I have long harboured a suspicion that Spanish tourist guides to London advise visitors to stand outside Tube stations, blocking the entrances with rucksacks. The guides also, I fear, tell the tourists to talk loudly and wear clothes to match, so their hosts are in no doubt as to how much they are enjoying their stay.
Normally, this would remain a private prejudice, the only result of which is the occasional nasty fall down the escalators at Oxford Circus by unfortunate Spaniards. But a summer trawl of travel agents raises another nasty issue. Namely, that the guides and brochures we read over here might be giving us similar misinformation about our own destinations. None of us wants to wind up face down on the floor of a Madrid train station after following bad advice.
Travel brochures are not as unpleasant as they used to be. At least, not on the outside. My selection of brochures shows a move away from some past excesses – there are fewer photomontages of babes, hunks and palm trees.
But inside, nothing has changed. Open a travel brochure and you will find a more complicated version of a train timetable with a few tired old photographs attempting to brighten things up.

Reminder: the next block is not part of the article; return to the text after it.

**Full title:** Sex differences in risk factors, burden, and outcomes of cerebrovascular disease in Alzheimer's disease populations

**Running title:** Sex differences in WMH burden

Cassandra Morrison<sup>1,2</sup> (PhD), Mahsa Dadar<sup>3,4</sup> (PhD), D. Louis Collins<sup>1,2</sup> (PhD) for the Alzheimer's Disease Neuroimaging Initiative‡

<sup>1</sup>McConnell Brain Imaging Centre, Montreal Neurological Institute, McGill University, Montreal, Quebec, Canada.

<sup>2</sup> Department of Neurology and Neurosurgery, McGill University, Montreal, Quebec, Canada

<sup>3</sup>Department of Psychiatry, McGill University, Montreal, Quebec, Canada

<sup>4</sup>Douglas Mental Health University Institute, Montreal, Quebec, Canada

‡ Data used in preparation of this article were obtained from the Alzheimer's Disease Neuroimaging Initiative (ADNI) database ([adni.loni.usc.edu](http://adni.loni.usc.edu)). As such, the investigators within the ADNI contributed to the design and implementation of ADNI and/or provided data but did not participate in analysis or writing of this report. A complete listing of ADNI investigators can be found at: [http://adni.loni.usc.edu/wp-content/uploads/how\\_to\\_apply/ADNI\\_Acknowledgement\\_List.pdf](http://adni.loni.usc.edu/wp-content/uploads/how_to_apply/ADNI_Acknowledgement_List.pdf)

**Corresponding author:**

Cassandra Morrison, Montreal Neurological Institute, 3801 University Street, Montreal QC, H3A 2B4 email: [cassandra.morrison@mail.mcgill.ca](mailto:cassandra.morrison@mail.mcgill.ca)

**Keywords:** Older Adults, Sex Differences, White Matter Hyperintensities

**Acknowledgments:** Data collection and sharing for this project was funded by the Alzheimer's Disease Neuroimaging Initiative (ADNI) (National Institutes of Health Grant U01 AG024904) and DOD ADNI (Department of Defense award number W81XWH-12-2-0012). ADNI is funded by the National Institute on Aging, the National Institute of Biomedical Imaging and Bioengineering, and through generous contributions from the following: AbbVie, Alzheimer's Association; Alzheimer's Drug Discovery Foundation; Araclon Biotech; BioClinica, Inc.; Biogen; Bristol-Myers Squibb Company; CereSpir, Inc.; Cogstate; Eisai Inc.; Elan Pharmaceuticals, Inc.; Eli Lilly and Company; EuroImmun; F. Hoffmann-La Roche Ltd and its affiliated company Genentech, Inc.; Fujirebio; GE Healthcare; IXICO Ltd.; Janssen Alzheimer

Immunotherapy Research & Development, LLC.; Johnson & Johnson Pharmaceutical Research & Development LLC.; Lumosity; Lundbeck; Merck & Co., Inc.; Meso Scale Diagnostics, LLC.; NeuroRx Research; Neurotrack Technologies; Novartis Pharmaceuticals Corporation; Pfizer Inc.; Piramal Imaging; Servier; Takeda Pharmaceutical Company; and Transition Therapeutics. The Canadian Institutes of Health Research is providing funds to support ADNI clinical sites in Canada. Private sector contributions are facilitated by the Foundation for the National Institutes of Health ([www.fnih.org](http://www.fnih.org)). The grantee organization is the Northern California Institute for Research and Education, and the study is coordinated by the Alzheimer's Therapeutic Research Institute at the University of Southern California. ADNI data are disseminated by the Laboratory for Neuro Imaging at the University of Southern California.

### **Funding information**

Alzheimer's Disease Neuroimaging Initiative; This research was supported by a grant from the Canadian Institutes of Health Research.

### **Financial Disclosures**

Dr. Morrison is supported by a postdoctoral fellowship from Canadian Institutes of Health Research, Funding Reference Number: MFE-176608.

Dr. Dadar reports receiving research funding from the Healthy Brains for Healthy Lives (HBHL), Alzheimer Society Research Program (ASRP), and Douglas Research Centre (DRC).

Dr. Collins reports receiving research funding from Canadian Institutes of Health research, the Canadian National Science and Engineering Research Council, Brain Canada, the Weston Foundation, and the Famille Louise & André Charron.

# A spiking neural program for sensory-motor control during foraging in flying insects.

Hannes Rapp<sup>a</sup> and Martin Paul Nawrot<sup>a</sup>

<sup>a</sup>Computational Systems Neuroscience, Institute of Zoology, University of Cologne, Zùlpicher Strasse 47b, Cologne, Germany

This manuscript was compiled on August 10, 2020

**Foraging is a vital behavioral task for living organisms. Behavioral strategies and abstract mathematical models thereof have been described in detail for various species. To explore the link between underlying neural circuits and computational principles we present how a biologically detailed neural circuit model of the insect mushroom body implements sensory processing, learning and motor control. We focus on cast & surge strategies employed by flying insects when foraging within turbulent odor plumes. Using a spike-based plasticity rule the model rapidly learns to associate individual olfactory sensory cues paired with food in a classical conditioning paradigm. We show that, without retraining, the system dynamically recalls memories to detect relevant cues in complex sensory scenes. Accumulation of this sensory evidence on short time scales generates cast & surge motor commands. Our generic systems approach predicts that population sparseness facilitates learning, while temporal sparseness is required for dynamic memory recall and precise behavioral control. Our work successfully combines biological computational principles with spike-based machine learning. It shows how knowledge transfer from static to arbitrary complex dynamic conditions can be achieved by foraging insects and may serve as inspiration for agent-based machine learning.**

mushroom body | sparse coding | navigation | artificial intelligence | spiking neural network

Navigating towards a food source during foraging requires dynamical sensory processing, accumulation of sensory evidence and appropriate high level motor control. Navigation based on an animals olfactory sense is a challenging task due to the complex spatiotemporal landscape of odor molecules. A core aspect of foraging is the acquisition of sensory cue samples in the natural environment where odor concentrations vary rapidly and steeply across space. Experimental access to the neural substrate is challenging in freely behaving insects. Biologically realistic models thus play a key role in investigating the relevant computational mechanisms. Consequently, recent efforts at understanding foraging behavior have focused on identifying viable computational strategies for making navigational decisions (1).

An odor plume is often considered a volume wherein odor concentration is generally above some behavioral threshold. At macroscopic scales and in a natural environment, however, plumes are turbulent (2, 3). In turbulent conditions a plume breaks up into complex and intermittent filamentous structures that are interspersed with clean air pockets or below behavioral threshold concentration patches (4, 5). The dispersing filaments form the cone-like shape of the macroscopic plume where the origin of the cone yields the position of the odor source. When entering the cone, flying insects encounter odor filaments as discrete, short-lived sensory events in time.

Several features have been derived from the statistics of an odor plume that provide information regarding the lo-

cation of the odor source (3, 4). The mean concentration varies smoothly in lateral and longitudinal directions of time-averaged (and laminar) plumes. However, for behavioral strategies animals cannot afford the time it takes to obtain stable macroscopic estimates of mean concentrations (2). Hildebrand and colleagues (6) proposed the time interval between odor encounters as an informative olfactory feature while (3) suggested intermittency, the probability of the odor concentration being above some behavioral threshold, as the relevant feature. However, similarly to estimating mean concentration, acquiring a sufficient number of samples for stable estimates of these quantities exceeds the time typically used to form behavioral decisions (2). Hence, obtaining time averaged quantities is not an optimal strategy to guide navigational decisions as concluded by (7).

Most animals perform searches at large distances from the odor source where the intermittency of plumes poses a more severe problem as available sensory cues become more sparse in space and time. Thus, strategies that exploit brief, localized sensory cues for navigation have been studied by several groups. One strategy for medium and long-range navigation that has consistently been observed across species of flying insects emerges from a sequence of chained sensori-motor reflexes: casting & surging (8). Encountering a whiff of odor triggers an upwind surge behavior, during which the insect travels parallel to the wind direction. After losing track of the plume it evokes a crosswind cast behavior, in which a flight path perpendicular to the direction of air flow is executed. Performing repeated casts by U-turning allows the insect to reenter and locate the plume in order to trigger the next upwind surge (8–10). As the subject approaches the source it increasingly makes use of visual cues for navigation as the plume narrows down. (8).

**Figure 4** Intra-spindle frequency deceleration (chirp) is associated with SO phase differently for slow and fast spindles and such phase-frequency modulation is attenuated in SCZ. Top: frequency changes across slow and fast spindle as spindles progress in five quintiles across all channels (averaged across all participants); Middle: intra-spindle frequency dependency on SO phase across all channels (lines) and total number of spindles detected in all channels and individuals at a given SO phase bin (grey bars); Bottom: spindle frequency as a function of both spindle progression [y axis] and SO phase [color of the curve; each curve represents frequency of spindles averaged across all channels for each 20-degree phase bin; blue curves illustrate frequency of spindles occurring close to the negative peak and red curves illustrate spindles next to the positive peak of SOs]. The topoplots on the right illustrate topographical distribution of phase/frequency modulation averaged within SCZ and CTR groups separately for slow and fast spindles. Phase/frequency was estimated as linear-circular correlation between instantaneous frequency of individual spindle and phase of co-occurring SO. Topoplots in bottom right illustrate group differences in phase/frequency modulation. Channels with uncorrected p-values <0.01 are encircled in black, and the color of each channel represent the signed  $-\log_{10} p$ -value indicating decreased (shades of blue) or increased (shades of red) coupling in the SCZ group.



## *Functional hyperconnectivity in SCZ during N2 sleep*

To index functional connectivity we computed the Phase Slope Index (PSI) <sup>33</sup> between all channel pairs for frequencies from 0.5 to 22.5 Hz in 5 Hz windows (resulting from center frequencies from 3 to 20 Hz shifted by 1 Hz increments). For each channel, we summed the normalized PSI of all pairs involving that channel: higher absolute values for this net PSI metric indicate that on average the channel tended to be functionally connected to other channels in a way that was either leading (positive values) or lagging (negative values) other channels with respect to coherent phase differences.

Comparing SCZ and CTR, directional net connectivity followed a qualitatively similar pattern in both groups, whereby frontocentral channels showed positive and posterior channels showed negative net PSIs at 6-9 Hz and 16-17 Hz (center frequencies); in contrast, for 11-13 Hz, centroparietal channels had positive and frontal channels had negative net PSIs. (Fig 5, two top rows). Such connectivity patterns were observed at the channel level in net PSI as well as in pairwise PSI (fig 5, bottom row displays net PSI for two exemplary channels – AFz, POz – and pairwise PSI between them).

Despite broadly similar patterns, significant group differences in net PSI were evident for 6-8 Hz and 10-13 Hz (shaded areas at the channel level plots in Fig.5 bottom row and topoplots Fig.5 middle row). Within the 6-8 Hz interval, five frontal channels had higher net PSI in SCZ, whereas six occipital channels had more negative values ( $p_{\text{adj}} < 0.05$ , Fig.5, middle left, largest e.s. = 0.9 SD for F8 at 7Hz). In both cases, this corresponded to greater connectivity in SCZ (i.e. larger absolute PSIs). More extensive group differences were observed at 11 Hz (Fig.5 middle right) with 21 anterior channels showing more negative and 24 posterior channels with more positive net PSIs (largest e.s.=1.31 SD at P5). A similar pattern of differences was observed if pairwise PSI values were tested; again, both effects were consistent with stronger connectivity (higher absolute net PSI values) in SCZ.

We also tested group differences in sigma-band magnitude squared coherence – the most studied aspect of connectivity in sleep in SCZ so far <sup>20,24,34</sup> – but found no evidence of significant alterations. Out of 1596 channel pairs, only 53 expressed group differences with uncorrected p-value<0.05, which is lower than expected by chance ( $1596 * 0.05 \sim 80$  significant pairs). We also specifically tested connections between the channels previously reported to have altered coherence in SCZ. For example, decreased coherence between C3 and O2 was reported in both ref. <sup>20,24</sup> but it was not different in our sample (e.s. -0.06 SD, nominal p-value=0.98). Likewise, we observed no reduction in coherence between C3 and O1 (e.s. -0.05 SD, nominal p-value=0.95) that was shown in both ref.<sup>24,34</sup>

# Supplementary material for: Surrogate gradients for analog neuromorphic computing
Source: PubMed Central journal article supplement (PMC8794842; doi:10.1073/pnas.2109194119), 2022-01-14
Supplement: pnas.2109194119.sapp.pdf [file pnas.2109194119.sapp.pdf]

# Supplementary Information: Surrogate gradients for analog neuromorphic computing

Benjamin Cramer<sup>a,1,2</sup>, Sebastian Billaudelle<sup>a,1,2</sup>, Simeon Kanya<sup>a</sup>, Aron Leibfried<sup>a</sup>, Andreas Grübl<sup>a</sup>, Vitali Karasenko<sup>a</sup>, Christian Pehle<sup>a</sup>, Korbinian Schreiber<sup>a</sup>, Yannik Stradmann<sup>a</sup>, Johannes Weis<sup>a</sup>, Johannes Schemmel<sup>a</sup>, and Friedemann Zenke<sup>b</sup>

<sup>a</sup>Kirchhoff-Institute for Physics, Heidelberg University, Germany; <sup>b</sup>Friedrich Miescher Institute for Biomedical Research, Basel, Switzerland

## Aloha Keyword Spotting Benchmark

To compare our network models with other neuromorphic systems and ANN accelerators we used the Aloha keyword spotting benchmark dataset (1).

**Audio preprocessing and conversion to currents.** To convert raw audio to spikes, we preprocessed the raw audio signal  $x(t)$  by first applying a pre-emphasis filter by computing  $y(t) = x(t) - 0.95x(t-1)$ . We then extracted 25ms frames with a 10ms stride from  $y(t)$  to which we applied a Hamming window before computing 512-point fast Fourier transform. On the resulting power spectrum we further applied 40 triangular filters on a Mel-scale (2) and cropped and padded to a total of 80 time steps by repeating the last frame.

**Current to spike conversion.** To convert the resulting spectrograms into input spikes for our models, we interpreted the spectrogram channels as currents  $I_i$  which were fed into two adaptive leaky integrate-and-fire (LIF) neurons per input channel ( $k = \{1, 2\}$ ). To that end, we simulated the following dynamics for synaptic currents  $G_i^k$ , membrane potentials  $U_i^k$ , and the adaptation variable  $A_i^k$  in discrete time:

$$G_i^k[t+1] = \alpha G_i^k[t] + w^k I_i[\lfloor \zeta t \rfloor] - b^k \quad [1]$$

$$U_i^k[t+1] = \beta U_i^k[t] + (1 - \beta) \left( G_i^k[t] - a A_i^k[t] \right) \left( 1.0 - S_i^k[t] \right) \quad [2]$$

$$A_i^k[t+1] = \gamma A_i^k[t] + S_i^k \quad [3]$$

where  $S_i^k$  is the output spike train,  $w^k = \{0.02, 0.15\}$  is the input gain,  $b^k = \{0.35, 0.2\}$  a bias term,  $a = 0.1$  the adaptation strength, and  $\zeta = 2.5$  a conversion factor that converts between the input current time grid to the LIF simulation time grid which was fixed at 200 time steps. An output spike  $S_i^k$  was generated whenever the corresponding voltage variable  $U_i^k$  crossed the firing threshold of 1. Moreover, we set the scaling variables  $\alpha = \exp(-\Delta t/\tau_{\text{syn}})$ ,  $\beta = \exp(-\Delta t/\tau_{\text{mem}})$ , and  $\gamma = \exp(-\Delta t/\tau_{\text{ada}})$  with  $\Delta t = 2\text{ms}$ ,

And it is the photographs which might hold the key to the problem of misinterpretation by tourists. Look at the pictures closely and it becomes apparent from the clothes or, if there aren’t enough clothes, the hair, that the shots were taken around 1979. For years I thought foreigners all just dressed badly.
But, apart from in Germany and some of the southern United States, the opposite is probably true. The French and Spanish tourists simply dress so loudly when in London because the brochures they have seen suggest that is the way to blend in. They stand outside Tube stations because the photographs they have seen were taken in the Seventies – people were probably standing outside stations because the train drivers were on strike.
Travel agents and their designers still have a long way to go before they reach the communication levels expected by consumers in 1998.